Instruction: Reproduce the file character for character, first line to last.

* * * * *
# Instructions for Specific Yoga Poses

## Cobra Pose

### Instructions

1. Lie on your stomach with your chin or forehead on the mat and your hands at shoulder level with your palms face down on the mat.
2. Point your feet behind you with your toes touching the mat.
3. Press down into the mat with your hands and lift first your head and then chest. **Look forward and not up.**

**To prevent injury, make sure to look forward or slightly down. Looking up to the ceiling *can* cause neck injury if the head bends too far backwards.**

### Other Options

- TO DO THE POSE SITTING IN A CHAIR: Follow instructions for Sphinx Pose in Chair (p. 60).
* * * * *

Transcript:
# Instructions for Specific Yoga Poses

## Cobra Pose

### Instructions

1. Lie on your stomach with your chin or forehead on the mat and your hands at shoulder level with your palms face down on the mat.
2. Point your feet behind you with your toes touching the mat.
3. Press down into the mat with your hands and lift first your head and then chest. **Look forward and not up.**

**To prevent injury, make sure to look forward or slightly down. Looking up to the ceiling *can* cause neck injury if the head bends too far backwards.**

### Other Options

- TO DO THE POSE SITTING IN A CHAIR: Follow instructions for Sphinx Pose in Chair (p. 60).